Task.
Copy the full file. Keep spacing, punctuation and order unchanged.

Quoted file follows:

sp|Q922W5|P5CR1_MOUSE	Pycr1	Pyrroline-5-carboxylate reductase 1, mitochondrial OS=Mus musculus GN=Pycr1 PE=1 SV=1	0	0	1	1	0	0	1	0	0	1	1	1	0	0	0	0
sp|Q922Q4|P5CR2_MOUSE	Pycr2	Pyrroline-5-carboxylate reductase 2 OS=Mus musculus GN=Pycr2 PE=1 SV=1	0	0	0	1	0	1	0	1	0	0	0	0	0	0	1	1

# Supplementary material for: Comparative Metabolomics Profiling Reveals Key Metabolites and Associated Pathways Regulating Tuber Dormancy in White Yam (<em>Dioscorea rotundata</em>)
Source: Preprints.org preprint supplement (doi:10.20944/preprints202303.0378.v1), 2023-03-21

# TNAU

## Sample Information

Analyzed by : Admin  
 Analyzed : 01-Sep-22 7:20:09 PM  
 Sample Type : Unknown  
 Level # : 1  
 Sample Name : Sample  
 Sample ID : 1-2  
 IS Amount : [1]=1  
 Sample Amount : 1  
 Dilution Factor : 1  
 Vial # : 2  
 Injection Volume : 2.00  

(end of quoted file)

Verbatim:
sp|Q922W5|P5CR1_MOUSE	Pycr1	Pyrroline-5-carboxylate reductase 1, mitochondrial OS=Mus musculus GN=Pycr1 PE=1 SV=1	0	0	1	1	0	0	1	0	0	1	1	1	0	0	0	0
sp|Q922Q4|P5CR2_MOUSE	Pycr2	Pyrroline-5-carboxylate reductase 2 OS=Mus musculus GN=Pycr2 PE=1 SV=1	0	0	0	1	0	1	0	1	0	0	0	0	0	0	1	1

# Supplementary material for: Comparative Metabolomics Profiling Reveals Key Metabolites and Associated Pathways Regulating Tuber Dormancy in White Yam (<em>Dioscorea rotundata</em>)
Source: Preprints.org preprint supplement (doi:10.20944/preprints202303.0378.v1), 2023-03-21

# TNAU

## Sample Information

Analyzed by : Admin  
 Analyzed : 01-Sep-22 7:20:09 PM  
 Sample Type : Unknown  
 Level # : 1  
 Sample Name : Sample  
 Sample ID : 1-2  
 IS Amount : [1]=1  
 Sample Amount : 1  
 Dilution Factor : 1  
 Vial # : 2  
 Injection Volume : 2.00  